Hackl v. Dale

Annotate this Case

299 S.E.2d 26 (1982)

Donald Lee HACKL v. Jerry DALE, Supt., HCC.

No. 15365.

Supreme Court of Appeals of West Virginia.

December 15, 1982.

*27 Herbert G. Underwood, C. David Morrison and Irene M. Keeley, Clarksburg, for petitioner.

Laurie J. Garrigan and Gray Silver, III, Asst. Attys. Gen., Charleston, for respondent.

MILLER, Chief Justice:

In this original jurisdiction proceeding, the petitioner, Donald Lee Hackl, seeks a writ of habeas corpus. The petitioner was originally sentenced to the Anthony Correctional Center following a jury trial in which he was found guilty of aiding and abetting a daytime burglary. While at the Anthony Correctional Center the petitioner attempted suicide and was sent to Weston State Hospital for a thirty-day emergency observation. The petitioner was then transferred to the Huttonsville Correctional Center to await a placement decision.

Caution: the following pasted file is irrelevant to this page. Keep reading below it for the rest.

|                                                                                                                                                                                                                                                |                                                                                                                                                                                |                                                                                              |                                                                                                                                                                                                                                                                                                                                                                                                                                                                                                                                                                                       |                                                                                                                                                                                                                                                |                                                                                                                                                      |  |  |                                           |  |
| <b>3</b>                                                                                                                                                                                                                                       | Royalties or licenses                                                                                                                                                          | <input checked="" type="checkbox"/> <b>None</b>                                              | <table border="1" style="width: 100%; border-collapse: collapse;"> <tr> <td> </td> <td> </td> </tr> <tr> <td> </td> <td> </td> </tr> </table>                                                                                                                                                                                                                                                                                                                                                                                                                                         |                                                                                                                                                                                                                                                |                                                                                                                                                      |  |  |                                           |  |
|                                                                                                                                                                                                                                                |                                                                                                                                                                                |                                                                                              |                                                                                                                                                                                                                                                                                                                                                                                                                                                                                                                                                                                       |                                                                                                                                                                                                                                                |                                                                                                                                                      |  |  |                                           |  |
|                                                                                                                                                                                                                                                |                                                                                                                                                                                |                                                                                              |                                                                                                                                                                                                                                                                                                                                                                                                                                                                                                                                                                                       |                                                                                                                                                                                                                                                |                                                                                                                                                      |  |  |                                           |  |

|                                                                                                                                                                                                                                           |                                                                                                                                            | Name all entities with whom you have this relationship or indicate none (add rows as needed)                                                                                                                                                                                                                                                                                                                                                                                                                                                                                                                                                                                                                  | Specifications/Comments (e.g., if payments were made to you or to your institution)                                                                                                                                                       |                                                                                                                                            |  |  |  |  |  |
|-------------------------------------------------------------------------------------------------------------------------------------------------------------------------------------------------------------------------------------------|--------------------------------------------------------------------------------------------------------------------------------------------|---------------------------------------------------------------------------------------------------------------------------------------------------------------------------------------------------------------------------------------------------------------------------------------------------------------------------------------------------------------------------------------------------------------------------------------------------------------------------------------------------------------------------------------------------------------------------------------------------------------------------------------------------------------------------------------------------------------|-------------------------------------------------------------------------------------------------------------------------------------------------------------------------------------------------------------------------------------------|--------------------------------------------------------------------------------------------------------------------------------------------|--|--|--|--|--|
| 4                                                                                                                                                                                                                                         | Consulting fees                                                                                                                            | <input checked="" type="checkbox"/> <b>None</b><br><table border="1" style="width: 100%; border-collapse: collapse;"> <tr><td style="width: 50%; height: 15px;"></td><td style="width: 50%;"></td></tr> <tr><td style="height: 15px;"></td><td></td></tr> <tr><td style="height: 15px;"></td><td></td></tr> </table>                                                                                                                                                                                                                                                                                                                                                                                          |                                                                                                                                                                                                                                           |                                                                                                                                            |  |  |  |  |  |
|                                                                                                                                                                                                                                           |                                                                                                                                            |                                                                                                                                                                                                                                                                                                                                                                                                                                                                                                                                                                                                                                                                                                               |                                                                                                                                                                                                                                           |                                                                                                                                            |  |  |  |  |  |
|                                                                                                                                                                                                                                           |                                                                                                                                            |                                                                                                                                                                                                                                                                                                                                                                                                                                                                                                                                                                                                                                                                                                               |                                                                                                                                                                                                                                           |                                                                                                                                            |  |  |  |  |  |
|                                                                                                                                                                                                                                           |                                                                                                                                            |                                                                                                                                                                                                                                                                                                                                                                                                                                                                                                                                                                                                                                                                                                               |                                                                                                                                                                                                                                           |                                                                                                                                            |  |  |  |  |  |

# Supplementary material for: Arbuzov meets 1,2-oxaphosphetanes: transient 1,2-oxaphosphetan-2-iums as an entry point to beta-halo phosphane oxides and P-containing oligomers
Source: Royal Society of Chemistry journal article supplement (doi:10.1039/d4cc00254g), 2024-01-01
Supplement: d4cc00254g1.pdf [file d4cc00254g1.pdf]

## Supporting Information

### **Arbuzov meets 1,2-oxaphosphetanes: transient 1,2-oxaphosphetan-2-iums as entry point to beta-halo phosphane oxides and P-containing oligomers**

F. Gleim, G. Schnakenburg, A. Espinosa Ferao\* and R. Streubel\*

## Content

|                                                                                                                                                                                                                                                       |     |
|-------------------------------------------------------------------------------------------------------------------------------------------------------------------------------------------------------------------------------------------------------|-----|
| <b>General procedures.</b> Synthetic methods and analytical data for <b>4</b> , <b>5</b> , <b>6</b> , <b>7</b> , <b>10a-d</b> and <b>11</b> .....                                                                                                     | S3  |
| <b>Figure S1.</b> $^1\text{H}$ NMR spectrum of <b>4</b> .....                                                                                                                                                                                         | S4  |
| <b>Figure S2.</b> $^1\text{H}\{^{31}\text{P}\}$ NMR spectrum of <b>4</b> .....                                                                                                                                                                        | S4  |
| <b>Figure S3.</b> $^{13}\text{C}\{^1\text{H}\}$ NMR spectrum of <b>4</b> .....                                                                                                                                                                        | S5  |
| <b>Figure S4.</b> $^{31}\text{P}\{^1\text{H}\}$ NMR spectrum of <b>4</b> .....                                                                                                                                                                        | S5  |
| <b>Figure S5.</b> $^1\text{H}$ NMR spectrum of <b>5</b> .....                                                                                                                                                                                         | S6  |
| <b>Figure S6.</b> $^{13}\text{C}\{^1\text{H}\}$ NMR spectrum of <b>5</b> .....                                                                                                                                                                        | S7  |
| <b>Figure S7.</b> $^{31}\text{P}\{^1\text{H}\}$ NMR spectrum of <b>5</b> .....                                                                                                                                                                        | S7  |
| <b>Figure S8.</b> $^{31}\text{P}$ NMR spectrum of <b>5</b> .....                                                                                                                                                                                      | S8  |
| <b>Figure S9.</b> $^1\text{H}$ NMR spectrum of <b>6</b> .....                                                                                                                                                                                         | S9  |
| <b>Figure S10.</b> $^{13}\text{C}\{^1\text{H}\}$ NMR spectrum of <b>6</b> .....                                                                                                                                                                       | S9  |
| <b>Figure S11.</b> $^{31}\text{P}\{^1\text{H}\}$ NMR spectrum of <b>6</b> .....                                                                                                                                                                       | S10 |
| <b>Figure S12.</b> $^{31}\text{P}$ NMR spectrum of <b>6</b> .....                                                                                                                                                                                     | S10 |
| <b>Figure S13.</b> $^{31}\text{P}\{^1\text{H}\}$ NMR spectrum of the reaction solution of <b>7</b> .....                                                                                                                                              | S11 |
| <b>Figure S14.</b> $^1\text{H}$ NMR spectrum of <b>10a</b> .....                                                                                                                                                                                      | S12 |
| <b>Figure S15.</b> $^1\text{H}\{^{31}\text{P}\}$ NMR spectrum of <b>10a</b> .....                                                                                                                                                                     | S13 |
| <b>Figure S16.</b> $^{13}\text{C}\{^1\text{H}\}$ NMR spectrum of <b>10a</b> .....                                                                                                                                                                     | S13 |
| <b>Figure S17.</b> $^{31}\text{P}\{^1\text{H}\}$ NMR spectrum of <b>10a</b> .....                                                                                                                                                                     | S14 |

The petitioner was placed in Dorm 7 which is used to house prisoners who have been recently convicted and are undergoing *28 presentence diagnostic classification.[1] Dorm 7 is also used to house post-sentence commitments who are referred to as "regulars" and who are awaiting the determination of their placement within our penal system.[2] The petitioner technically was not in either category since he had been placed in the system under the Youthful Offender Act and was sentenced to the Anthony Center under W.Va.Code, 25-4-6. The parties do not discuss this aspect of the case although it appears that W.Va.Code, 25-1-16, permits transfers for health reasons.